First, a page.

""The Rover" is primarily about love versus loyalty," states director Malcolm Tulip. "Each of the characters has, through different experiences, a different perspective on how to pursue love and what exactly 'love' is and in the end they have all come to a personal understanding of it. The questions of whether being loved means being owned, whether love is eternal or ephemeral, spiritual or physical, a pastime or a commitment are all raised. In these days when the foundation of marriage is being questioned, "The Rover's" examination of marriage as a contract is particularly pertinent."

Joining Tulip on the artistic team are three faculty members of the Department of Theatre and Drama. Rob Murphy, whose designs were last seen in "Don Giovanni" and "Hansel and Gretel," designs scenery. Jessica Hahn ("Guys and Dolls") designs costumes while Henry Reynolds ("The Nutcracker") serves as sound designer. UM undergraduate student Anup Aurora makes his mainstage debut as lighting designer having previously designed for "Luck!" and "She's All Yours," both studio productions. Department of Theatre and Drama chair Erik Fredricksen, along with undergraduate student Nathan Petts, choreograph the fight sequences.

Ticket prices are $20 and $15 reserved seating with students only $9 with ID. Tickets are available in person at the League Ticket Office, located within the Michigan League. The Ticket Office is open from 9am-5pm, Monday through Friday and 10am-1pm on Saturday. Order by phone at (734) 764-2538. All major credit cards are accepted. Tickets may also be ordered online at www.uprod.music.umich.edu. The Power Center for the Performing Arts, located at 121 N. Fletcher, is handicapped accessible and equipped with an infrared listening system for hearing enhancement.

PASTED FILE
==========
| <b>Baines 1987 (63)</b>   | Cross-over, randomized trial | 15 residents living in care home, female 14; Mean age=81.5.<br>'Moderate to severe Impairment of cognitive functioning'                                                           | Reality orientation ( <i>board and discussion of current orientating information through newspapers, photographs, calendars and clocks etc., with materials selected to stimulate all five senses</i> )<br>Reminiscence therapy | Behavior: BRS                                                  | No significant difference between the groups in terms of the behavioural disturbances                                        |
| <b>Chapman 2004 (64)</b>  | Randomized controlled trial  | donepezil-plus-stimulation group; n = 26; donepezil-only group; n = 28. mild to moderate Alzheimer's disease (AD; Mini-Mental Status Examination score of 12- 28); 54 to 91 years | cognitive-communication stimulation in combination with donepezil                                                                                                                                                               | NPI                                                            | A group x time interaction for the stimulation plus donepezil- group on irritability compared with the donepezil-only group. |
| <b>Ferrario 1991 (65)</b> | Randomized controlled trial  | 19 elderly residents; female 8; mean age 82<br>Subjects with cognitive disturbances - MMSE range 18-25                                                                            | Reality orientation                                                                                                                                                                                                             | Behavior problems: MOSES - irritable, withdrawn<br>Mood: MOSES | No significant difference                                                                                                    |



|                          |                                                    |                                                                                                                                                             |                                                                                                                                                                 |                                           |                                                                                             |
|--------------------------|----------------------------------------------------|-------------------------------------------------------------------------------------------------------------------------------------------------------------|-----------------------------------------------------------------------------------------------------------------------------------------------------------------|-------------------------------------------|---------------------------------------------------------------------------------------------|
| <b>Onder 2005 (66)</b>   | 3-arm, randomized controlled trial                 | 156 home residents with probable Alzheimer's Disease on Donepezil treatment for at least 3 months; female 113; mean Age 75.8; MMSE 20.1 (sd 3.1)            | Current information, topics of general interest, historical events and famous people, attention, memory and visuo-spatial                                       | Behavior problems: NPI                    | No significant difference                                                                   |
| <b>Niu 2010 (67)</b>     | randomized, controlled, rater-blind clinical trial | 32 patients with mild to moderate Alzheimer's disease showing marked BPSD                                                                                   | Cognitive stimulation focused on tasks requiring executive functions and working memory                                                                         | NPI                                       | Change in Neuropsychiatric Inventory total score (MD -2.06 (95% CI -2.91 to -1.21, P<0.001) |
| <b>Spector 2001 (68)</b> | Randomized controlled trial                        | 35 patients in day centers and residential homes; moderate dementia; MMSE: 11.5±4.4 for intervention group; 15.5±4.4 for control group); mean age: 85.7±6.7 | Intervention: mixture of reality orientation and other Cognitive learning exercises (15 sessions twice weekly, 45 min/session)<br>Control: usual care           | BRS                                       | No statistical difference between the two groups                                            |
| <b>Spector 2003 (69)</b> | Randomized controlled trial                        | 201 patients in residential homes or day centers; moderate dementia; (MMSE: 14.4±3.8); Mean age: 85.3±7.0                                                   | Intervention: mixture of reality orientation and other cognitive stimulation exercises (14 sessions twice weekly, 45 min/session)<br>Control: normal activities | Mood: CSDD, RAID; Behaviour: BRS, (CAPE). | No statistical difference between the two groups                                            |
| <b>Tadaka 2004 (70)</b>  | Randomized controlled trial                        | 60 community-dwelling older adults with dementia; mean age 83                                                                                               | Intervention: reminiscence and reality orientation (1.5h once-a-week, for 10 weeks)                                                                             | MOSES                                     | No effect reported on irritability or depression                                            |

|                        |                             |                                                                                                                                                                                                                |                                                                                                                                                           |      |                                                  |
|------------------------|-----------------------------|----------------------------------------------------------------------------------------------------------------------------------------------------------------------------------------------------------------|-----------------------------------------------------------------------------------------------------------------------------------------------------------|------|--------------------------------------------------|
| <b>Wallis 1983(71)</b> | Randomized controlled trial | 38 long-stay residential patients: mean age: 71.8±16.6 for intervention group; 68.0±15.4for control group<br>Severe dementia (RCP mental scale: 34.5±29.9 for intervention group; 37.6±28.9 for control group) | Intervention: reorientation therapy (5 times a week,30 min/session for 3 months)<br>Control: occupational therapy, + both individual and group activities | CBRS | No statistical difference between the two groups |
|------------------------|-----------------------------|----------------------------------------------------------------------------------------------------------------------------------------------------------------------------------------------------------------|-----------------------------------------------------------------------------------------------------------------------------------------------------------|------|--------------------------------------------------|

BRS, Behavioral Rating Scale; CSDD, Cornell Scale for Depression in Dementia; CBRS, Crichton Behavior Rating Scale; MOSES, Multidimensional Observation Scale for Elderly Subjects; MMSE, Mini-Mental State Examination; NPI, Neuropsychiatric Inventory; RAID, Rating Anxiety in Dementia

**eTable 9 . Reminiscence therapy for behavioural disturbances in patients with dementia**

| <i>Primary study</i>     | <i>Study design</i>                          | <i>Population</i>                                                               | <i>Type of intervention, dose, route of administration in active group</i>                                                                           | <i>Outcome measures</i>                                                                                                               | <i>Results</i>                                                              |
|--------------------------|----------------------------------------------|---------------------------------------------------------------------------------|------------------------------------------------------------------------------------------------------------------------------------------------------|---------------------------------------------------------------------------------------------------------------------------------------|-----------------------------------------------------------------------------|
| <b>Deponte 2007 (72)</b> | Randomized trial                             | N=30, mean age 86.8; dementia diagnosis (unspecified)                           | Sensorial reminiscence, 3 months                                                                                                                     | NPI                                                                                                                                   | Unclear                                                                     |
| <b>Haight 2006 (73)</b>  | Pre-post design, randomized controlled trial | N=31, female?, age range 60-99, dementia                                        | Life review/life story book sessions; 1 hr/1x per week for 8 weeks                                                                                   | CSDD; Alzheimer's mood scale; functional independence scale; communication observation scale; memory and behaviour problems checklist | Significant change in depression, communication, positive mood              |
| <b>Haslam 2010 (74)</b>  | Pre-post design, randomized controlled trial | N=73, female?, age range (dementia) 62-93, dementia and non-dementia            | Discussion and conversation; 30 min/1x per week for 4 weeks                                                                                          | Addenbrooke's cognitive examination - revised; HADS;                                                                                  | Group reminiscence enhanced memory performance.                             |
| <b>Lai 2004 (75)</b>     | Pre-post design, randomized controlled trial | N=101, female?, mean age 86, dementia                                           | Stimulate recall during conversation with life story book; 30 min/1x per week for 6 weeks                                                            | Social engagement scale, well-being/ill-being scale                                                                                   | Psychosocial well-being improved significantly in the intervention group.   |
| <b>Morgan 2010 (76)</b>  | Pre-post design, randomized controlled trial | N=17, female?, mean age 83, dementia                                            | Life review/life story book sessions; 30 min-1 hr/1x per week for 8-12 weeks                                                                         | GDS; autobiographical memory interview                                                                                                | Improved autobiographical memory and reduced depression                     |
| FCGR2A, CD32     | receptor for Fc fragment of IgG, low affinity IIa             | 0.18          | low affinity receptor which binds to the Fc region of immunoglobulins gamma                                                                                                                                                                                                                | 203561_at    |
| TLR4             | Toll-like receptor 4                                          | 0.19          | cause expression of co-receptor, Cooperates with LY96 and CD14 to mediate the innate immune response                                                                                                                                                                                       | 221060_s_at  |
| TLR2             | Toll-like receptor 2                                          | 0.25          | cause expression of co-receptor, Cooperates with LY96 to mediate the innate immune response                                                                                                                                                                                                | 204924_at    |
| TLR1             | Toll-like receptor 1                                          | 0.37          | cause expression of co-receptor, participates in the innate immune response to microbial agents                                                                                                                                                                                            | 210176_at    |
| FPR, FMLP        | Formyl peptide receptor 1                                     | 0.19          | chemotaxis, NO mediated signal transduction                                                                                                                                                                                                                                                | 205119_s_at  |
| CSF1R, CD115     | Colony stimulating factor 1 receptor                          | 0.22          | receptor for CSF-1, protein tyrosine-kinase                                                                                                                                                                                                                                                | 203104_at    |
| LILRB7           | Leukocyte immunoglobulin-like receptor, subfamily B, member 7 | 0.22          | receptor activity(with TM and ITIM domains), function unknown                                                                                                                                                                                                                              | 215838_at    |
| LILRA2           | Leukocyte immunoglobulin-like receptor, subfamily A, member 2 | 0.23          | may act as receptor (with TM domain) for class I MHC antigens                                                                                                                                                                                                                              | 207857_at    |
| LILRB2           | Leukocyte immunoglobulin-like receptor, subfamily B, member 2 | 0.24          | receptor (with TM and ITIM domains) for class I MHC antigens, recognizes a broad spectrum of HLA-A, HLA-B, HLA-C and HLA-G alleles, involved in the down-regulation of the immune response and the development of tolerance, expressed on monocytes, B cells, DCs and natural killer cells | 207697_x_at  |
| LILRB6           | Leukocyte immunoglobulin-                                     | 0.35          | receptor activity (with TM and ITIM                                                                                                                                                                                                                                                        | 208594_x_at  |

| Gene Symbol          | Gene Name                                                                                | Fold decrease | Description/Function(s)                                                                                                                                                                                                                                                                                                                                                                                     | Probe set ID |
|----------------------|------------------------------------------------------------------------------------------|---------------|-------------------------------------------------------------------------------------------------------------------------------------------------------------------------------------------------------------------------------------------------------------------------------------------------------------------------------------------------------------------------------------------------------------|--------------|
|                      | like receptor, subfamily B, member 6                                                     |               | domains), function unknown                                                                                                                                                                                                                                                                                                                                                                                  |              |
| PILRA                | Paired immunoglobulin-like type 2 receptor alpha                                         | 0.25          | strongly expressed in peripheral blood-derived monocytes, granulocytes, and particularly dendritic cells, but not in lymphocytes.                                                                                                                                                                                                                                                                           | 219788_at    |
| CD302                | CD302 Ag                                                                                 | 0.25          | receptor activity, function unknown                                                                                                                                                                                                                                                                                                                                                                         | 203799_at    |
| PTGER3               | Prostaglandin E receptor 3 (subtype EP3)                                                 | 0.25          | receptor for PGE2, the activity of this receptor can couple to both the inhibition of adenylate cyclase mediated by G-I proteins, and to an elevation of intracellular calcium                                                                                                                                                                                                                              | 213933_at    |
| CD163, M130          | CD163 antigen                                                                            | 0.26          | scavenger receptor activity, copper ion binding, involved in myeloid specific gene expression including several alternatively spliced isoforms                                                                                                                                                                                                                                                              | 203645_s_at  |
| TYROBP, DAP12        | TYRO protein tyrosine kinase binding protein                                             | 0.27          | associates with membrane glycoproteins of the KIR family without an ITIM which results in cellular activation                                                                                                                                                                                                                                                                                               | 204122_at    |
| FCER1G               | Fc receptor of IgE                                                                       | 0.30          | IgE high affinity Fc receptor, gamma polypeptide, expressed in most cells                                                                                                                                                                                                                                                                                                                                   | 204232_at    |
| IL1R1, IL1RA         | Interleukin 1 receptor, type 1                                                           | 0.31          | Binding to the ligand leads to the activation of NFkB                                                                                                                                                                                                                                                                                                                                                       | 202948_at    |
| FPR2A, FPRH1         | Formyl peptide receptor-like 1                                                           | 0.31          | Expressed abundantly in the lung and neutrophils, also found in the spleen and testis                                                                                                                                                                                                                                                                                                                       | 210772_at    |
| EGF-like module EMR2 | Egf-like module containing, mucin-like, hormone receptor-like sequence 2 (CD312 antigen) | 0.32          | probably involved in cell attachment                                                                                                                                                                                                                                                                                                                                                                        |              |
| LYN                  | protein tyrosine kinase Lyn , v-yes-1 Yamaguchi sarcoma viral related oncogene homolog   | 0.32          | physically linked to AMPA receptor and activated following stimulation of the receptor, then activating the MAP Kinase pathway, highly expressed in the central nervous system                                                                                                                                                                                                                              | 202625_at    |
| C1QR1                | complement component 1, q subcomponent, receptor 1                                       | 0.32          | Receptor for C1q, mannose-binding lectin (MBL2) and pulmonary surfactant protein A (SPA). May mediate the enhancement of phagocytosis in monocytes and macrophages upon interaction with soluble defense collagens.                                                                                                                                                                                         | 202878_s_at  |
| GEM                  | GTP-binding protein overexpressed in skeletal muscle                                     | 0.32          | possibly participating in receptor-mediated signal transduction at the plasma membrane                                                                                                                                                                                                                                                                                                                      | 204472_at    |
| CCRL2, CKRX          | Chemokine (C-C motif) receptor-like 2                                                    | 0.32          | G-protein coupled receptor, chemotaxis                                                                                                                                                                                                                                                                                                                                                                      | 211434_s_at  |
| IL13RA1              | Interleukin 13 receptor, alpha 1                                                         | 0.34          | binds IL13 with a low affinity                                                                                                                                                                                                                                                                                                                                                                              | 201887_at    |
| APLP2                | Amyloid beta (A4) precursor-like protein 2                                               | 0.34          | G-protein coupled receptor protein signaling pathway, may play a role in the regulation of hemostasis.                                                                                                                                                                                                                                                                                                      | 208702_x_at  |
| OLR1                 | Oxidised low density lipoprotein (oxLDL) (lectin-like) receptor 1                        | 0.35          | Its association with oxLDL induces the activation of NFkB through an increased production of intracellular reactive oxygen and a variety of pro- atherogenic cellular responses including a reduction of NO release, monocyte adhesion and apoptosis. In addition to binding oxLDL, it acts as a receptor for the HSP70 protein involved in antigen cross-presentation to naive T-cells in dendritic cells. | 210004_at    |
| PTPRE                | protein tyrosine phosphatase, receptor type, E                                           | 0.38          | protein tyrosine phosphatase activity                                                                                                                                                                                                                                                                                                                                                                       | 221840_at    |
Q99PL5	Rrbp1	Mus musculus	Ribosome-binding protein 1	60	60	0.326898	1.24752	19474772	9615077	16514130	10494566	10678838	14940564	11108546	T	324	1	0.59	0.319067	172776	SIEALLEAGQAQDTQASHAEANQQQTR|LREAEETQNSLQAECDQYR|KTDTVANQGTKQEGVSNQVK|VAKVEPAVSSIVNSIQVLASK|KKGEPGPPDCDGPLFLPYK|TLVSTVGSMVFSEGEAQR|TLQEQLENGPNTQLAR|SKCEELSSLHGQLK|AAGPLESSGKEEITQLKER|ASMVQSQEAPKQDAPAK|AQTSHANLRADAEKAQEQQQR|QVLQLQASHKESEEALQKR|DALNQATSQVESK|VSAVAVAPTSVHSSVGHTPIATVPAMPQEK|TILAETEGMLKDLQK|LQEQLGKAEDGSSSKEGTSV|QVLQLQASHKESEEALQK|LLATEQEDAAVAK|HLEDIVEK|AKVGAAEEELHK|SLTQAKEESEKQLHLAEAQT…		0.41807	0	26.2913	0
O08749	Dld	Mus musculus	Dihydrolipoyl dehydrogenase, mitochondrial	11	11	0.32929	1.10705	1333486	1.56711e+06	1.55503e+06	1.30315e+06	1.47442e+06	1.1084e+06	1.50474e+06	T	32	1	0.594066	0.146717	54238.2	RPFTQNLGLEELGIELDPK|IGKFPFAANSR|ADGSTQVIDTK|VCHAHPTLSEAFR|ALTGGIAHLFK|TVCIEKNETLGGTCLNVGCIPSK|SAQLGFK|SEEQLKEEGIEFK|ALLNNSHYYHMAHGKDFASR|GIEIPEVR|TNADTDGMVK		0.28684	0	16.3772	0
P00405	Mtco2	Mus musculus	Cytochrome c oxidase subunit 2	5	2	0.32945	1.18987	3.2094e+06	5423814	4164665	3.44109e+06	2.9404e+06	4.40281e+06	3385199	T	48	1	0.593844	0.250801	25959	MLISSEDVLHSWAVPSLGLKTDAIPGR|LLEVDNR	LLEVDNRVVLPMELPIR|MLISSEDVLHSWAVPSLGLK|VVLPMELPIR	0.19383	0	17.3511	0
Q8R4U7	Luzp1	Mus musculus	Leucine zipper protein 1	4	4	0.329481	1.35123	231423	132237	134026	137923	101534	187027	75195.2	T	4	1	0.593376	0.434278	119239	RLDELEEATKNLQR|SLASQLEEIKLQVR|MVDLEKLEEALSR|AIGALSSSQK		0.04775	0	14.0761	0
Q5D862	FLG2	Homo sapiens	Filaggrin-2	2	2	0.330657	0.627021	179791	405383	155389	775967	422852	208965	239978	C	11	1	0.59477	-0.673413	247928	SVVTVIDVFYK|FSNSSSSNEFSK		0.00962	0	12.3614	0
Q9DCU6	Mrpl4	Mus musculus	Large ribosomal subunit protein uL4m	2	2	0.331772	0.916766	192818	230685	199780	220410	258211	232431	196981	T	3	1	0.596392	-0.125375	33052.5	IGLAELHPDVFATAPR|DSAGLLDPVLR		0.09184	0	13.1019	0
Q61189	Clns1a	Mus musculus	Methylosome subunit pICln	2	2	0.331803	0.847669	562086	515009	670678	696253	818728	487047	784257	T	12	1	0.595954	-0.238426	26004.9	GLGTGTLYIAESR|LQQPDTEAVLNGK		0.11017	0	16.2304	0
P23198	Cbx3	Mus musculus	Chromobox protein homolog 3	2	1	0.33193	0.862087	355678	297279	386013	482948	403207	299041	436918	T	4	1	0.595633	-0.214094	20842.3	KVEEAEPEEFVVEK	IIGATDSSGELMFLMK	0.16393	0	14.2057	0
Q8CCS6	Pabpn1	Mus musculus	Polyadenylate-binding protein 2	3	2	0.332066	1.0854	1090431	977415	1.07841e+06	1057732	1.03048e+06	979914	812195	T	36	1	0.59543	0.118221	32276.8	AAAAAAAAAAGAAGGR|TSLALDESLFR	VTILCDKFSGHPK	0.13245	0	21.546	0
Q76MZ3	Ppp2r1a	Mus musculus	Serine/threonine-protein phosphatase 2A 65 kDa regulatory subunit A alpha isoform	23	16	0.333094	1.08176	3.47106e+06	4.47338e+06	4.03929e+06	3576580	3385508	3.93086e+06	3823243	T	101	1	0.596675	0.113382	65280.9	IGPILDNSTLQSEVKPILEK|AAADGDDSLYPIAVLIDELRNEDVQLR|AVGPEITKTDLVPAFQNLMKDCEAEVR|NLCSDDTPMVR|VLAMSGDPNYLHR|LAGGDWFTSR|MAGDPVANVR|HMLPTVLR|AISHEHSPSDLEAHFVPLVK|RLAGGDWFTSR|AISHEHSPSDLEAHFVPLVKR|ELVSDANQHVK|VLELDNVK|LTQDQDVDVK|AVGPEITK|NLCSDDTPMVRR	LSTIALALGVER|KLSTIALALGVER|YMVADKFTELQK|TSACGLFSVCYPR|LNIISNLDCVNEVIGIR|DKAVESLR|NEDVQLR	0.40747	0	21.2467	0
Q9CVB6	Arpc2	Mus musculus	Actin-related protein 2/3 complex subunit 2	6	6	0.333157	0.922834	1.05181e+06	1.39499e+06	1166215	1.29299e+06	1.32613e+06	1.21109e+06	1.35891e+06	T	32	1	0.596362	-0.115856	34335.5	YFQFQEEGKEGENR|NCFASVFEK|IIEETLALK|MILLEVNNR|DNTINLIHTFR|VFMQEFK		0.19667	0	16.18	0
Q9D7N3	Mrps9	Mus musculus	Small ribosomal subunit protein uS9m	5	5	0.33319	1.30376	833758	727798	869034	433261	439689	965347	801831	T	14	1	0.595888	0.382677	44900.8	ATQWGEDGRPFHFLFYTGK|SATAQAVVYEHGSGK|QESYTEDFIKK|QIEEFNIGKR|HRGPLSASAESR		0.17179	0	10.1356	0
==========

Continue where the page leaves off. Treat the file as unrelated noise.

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CAST (Hometown):
David Abed (Grand Ledge, MI), Chris Allen (Novi, MI),
Kirsten Mara Benjamin (Detroit, MI), Mikala Bierma (Shoreview, MN),
Jeff Blim (Mt. Prospect, IL), Adam H. Caplan (Idyllwild, CA),
Nathan Ciccolo (Newton, MA), Patrick Chu (Bellingham, WA),
Whitney Dibo (Wilmette, IL), Kyla Embrey (Warner Robins, GA),
Rob Feldman (Farmington Hills, MI), Joanna Fetter (Highland Park, IL),
De Lon Grant (Duluth, MN), Anika Habermas-Scher (Minneapolis, MN),
Kimberly Harberg (Houston, TX), Courtney Harge (Saginaw, MI),
Justin Patrick Holmes (Idyllwild, CA), Elizabeth Hoyt (Manitowoc, WI),
Edmund Alyn Jones (Detroit, MI), J. Theo Klose (West Chester, PA),
Nick Lang (Franklin, MI), Cynthia London (Detroit, MI),
Frank Maiorana (Sterling Heights, MI), Dory Mead (Ann Arbor, MI),
Malaika Nelson (Detroit, MI), Nathan Petts (Kalamazoo, MI),
Maureen Sebastian (Novi, MI), Matthew Smith (Yorba Linda, CA),
Rob Sulaver (Ypsilanti, MI), Rebecca Whatley (Cincinnati, OH)

- Kerianne M. Tupac




Program
Click here to view The Rover program as a PDF file




Production Photographs



Anika Habermas-Scher as Kellena and Kyla Embrey as Florinda Joanna Fetter as Valeria




Kyla Embrey and Adam H. Caplan as Don Pedro Chris Allen as Fredrerick, Justin Homes as Blunt, and De'lon Grant as Belvile




Nathan Petts as Sancho and Maureen Sebastian as Lucetta Kyla Embrey




Malaika Nelson as Callis Kyla Embrey, Anika Habermas-Scher, Joanna Fetter




Rob Sulaver as Sebastian and Patrick Chu as Biskey Chris Allen




Elizabeth Hoyt as Angellica Edmund Alyn Jones as Don Antonio




Elizabeth Hoyt J. Theo Klose as Willmore and Elizabeth Hoyt




Cast Kyla Embrey and Chris Allen




Maureen Sebastian Justin Holmes




De'lon Grant Kyla Embrey




De'Lon Grant and Kyla Embrey Kyla Embrey




Kirsten Mara Benjamin as Moretta and Elizabeth Hoyt J. Theo Klose




Anika Habermas-Scher J. Theo Klose and Elizabeth Hoyt


J. Theo Klose and Anika Habermas-Scher